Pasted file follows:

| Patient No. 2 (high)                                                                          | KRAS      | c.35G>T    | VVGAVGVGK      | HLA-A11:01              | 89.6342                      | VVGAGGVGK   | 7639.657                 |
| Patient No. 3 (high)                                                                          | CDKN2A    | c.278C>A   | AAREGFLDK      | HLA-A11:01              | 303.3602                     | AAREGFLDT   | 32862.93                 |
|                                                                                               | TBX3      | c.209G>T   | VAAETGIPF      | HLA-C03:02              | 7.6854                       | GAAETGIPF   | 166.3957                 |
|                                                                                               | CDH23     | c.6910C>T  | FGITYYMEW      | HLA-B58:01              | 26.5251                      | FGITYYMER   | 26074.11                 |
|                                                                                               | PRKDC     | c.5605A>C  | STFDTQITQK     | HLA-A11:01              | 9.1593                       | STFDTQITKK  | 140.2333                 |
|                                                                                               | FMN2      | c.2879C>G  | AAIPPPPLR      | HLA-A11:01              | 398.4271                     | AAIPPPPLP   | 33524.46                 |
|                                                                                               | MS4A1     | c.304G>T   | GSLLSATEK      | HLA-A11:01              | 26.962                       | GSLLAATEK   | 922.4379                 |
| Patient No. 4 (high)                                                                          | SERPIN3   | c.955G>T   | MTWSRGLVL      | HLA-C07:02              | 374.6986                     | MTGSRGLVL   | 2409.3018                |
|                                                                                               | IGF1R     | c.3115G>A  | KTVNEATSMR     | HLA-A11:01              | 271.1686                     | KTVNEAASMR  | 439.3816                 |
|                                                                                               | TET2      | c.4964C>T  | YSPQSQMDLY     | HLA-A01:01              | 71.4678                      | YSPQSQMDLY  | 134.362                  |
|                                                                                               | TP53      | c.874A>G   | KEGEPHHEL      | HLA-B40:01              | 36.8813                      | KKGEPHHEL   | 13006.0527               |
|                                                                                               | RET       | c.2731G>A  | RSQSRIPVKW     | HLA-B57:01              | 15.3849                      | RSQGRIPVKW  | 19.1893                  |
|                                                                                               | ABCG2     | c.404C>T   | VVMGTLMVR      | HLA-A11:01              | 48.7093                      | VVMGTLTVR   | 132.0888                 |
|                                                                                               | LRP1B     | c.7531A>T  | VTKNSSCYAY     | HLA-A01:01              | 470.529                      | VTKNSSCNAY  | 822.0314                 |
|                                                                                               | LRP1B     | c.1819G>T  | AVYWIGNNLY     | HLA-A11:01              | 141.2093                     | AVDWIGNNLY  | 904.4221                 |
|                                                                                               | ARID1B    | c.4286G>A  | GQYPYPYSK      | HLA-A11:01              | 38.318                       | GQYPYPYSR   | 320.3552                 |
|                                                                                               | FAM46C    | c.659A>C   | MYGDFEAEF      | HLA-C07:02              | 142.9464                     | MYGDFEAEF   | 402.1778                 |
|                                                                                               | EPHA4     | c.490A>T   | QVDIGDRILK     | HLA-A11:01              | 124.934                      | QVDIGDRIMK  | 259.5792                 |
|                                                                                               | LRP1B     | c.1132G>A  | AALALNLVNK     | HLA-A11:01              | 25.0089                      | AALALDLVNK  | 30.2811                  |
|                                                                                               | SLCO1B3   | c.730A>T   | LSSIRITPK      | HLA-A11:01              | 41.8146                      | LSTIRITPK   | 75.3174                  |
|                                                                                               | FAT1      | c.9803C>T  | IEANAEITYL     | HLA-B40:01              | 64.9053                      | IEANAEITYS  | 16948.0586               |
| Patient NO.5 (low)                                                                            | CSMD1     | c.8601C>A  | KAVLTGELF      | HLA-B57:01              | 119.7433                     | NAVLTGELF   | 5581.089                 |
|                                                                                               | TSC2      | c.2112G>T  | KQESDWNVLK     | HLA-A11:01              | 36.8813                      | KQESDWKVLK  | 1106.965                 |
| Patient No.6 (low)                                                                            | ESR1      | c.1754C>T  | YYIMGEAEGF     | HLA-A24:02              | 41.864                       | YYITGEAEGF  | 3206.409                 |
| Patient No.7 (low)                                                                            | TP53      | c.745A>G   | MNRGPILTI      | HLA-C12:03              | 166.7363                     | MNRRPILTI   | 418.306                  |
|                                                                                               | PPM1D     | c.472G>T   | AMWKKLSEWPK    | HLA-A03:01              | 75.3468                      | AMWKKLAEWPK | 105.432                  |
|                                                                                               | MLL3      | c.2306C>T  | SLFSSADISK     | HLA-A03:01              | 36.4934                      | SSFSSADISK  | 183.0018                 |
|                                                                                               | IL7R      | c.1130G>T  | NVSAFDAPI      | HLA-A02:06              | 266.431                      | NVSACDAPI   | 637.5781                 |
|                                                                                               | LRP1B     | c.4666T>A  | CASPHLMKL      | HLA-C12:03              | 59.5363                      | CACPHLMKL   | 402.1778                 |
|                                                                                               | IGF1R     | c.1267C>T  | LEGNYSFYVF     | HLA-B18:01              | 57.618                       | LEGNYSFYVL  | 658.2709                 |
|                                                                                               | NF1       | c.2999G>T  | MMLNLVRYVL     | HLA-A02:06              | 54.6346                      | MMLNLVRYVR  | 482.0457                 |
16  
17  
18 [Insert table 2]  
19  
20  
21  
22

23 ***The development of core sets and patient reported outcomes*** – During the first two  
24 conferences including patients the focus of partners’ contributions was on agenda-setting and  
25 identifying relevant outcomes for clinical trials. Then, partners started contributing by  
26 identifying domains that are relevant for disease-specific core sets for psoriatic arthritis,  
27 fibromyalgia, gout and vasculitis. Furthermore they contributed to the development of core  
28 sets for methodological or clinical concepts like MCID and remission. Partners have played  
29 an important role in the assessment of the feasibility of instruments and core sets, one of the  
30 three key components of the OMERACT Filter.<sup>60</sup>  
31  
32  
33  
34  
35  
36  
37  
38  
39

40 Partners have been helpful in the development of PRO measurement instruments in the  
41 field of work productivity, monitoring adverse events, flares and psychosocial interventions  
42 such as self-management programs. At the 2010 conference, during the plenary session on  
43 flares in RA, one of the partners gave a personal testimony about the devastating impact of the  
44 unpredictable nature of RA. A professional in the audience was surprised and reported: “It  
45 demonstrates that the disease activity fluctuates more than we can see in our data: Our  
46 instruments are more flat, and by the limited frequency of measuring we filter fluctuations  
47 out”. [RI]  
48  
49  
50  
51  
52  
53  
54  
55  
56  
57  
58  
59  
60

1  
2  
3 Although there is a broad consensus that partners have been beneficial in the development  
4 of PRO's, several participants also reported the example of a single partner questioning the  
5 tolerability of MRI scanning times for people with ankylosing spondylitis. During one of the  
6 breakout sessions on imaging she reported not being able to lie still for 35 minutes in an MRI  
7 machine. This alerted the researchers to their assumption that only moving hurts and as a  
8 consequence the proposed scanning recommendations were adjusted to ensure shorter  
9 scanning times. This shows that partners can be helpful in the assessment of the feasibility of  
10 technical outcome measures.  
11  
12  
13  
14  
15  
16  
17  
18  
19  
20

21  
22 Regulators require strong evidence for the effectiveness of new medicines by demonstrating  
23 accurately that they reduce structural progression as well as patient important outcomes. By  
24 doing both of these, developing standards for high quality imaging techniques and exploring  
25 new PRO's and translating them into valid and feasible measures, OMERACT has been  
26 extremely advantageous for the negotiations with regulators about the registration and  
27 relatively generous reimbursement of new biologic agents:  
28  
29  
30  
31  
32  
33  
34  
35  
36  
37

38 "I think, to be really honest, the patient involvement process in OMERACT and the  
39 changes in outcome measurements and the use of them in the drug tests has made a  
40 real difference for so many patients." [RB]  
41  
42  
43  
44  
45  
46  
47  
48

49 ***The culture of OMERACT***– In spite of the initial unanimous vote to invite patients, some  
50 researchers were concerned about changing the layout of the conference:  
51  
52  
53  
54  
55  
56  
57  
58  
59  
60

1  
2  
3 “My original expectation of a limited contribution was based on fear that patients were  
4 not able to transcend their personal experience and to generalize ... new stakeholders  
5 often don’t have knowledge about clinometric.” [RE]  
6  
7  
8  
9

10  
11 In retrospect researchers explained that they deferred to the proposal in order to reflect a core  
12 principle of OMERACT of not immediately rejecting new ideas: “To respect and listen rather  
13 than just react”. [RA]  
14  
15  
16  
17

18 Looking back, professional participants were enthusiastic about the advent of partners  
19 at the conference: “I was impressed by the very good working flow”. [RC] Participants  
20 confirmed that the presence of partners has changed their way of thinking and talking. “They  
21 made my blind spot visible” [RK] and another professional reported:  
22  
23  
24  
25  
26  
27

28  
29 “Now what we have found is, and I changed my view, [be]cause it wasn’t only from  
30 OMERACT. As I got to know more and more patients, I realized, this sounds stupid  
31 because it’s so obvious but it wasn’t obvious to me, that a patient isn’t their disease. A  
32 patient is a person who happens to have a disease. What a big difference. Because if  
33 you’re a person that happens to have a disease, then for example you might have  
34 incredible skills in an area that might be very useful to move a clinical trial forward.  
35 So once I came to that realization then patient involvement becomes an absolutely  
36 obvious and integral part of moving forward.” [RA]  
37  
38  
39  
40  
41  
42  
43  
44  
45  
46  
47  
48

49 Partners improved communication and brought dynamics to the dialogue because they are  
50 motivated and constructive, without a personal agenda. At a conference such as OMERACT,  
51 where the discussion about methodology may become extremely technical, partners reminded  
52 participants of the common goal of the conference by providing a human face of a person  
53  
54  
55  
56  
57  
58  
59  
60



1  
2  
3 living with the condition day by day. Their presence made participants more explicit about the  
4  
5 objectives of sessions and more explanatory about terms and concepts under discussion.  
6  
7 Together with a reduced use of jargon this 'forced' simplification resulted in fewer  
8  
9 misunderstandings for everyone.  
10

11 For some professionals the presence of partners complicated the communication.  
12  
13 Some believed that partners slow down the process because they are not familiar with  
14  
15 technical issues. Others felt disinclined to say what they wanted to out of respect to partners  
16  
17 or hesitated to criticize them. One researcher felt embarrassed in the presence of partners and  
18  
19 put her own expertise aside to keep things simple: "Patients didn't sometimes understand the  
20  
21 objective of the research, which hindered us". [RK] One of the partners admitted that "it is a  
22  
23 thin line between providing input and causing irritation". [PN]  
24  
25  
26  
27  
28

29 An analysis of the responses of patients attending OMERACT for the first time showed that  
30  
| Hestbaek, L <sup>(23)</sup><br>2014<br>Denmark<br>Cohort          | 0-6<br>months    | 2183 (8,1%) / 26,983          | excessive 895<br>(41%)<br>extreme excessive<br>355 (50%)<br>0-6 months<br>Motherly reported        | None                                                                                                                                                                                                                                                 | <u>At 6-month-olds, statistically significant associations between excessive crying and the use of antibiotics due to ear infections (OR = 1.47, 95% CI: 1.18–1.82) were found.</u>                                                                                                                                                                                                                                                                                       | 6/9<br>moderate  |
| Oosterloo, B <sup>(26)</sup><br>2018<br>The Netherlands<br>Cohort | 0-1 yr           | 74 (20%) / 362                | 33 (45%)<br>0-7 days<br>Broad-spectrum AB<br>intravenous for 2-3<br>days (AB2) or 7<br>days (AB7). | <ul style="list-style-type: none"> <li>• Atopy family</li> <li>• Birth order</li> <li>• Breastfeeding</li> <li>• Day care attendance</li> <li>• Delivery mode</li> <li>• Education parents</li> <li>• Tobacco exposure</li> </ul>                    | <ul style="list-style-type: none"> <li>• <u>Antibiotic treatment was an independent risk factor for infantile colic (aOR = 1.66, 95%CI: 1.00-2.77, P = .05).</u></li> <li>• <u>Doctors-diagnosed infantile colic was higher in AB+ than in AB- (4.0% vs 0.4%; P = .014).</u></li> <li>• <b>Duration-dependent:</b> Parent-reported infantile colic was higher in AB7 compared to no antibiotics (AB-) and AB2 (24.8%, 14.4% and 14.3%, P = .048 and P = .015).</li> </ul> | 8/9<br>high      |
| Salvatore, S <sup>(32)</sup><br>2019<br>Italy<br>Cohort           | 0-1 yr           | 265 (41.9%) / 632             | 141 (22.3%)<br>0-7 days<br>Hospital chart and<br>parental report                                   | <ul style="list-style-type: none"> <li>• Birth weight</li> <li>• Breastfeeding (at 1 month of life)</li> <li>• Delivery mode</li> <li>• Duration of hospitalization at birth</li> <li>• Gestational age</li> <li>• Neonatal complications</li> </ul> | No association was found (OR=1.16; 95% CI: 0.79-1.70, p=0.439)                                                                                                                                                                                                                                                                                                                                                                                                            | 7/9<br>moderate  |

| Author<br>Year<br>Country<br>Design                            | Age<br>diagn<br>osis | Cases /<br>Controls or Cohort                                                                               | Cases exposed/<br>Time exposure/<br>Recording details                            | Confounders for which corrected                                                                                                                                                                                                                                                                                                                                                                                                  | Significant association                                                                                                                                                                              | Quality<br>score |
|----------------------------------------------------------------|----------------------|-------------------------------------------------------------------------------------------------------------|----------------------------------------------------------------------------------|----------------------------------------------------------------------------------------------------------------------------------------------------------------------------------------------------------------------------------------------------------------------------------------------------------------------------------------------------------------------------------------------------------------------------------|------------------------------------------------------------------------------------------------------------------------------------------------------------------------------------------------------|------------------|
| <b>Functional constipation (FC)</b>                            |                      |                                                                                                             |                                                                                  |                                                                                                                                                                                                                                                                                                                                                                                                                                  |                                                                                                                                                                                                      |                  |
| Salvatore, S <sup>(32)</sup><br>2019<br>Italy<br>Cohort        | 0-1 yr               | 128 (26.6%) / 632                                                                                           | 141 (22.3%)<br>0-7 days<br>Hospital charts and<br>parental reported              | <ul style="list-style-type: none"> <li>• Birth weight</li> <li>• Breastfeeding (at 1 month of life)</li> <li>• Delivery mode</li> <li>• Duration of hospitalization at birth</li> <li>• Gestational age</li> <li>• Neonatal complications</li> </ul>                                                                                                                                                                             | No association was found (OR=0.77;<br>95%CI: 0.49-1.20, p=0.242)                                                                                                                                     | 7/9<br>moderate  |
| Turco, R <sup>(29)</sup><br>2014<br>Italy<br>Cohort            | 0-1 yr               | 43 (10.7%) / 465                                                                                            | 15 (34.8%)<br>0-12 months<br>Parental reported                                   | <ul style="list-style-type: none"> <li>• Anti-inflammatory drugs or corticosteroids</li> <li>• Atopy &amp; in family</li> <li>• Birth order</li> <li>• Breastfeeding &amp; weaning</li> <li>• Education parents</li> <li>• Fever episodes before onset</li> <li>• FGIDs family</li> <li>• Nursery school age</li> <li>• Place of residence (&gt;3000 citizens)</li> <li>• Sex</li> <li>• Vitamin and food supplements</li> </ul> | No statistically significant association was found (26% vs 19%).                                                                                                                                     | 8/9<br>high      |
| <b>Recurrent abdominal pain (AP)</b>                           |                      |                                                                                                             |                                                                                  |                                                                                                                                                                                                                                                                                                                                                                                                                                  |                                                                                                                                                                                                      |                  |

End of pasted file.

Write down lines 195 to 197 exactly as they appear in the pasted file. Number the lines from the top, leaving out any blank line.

59  
60



1  